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A trend worth celebrating

Teen pregnancy at 73-year low

By The Mercury

The most recent news about the birthrate for American teenagers is something to celebrate —even though there’s room yet for improvement.

That’s because the birth rate among women 15 to 19 years old fell last year to the lowest it has been in the 73 years that the government has been tracking it. The rate in 2012, according to the Centers for Disease Control and Prevention, was 29.4 births per thousand — a 6-percent drop from 2011‚ and the decline crossed all racial and ethnic groups.

Last year’s rate was less than half the 61.8 births per thousand recorded in 1991. The rate has declined steadily since that year, with the exception of 2005 to 2007, when it rose to 41.5 births per thousand.

Though it’s tempting to credit abstinence, especially for the juveniles, most of the credit apparently goes to other methods of birth control. Brady E. Hamilton, who wrote the report and is a statistician with the National Center for Health Statistics, says there’s been little change either in abortions or the level of sexual activity among 15- to 19-year-olds.  For instance, slightly more than 50 percent of high school students reported ever having sexual intercourse in 1991, and slightly less than 50 percent reported having sex in 2011.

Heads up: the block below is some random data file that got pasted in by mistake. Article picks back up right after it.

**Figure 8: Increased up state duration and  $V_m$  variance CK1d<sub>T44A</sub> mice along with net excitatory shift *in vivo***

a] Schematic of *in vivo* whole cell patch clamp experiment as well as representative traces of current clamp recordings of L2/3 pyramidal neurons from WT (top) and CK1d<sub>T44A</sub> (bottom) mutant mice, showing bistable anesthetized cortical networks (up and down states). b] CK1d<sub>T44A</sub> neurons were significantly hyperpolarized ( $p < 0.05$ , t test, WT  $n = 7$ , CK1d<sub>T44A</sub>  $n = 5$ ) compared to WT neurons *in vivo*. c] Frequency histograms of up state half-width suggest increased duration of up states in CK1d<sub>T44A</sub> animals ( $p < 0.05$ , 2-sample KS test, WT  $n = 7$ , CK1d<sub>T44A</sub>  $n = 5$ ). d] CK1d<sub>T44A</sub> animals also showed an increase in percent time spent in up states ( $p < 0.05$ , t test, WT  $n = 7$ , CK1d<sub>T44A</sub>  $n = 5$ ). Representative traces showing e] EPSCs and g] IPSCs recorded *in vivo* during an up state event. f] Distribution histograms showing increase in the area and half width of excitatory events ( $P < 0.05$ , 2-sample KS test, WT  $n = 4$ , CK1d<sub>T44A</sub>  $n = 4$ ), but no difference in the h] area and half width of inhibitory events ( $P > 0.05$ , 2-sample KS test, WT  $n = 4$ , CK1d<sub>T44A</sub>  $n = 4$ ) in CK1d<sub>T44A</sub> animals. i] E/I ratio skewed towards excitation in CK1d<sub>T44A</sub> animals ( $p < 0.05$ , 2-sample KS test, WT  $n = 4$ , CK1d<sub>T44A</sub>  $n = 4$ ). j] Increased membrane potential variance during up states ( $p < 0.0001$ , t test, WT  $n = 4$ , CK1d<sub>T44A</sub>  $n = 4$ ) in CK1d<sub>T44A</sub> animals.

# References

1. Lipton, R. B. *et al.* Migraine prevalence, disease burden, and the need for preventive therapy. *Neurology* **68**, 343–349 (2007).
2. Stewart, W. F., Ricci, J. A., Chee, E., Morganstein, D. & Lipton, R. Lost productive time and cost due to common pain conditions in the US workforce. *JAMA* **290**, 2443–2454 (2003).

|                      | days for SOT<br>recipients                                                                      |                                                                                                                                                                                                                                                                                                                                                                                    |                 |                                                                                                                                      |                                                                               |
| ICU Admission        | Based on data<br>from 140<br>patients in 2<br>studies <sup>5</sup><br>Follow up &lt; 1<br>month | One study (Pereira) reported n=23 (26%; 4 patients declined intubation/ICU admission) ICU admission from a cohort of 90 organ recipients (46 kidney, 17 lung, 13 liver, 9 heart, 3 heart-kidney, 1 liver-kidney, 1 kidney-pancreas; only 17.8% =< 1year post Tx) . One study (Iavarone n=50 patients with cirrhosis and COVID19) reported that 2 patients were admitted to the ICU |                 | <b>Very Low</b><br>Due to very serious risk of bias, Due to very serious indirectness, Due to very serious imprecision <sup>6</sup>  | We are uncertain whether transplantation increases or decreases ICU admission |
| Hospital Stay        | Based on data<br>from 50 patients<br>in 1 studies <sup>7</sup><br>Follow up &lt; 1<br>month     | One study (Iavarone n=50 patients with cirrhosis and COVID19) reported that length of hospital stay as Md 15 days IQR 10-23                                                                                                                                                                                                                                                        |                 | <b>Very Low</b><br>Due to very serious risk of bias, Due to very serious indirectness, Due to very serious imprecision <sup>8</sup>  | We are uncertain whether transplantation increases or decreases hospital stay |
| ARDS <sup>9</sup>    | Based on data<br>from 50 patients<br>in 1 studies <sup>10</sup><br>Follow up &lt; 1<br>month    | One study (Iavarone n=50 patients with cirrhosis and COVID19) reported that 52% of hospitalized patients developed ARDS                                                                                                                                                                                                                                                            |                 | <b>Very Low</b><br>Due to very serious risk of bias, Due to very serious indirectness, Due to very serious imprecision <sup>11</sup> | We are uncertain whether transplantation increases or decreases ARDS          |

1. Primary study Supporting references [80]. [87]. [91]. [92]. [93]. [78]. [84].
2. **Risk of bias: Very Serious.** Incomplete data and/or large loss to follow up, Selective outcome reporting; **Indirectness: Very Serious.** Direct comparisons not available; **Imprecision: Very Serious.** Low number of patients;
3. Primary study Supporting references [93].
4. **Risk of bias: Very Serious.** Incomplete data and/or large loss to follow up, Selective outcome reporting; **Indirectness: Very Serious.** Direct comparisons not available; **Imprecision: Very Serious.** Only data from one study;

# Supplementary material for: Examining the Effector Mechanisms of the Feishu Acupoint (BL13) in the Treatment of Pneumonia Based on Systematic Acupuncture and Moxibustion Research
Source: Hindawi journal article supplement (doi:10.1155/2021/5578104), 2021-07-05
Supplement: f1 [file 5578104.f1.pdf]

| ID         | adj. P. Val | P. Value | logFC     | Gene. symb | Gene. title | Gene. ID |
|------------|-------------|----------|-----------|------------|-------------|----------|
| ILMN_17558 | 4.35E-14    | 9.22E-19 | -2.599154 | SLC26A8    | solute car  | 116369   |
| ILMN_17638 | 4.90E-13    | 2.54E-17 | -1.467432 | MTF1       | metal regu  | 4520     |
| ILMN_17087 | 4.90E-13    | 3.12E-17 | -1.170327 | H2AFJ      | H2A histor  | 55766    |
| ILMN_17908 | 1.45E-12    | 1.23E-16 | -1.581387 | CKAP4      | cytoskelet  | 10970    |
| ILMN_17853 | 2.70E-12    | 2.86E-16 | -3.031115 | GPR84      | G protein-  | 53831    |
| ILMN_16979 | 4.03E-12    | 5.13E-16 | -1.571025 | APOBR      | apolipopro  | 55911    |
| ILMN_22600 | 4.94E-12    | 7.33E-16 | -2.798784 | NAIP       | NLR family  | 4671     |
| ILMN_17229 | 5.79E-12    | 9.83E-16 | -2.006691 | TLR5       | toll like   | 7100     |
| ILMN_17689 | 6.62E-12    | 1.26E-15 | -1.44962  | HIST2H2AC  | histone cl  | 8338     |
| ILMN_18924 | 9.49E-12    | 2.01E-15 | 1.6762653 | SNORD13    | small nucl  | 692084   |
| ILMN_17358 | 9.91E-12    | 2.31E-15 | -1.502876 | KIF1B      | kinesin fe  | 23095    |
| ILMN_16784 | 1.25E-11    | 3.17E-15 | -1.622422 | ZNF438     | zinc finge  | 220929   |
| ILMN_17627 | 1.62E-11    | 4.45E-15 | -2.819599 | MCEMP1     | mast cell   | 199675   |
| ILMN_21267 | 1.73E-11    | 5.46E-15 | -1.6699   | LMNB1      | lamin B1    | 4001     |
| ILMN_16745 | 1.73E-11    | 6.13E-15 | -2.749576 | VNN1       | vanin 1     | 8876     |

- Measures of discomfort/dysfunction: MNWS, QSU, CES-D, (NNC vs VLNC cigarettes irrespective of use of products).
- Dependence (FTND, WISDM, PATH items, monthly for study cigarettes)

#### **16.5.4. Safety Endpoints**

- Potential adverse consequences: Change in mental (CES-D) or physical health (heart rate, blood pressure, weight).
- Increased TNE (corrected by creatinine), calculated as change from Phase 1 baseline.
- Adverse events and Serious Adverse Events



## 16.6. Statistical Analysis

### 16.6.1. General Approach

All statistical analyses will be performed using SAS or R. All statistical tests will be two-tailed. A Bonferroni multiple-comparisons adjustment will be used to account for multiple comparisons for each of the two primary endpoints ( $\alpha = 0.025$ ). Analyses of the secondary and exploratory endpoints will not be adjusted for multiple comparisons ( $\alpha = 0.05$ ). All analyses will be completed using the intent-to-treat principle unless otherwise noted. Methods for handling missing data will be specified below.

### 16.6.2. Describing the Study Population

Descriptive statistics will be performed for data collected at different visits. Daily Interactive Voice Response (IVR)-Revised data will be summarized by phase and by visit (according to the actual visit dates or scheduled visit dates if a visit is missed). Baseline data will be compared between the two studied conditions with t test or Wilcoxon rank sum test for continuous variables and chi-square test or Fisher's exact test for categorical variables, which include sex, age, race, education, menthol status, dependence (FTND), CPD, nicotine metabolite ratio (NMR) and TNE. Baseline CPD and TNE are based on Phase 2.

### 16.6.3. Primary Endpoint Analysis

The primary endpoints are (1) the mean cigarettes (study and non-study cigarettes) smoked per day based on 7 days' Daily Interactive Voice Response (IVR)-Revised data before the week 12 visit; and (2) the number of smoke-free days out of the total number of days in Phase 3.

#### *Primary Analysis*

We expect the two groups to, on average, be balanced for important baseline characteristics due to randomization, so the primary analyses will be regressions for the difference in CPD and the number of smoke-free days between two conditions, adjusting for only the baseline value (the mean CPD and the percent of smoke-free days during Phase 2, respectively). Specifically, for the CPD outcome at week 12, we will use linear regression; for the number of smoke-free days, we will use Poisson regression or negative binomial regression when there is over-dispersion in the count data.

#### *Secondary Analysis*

Instead, Dr. John Santelli, a pediatrician who is professor of population and family health at Columbia University, credits the “greater availability of much more effective birth control methods.” Condoms are one factor, though Dr. Santelli said teens don’t always use them and sometimes use them incorrectly. He mostly credits greater use of IUDs, inter-uterine devices. Unlike condoms, they won’t prevent the spread of sexually transmitted disease, but they’re more reliable than condoms in preventing pregnancy. 

It’s prudent to discourage and understandable to lament sexual activity among high school students. Even so, the most effective response can be to encourage teens who are sexually active to protect themselves from unwanted pregnancies as well as STDs. It would seem that the latter message is one teens are increasingly responding to.

As a result, fewer of them have to deal with a pregnancy, contemplate an abortion or have a child they’re not ready to care for — and that might suffer as a result of their mother’s immaturity and lack of resources (though plenty of couples long to adopt babies). And instead of worrying about a baby or their own circumstances, they get to be teenagers and young women who can pursue educations and careers and have children when they’re ready.

The downward trend is indeed a happy occurrence, all the moreso because it’s the people behind the statistics that matter.









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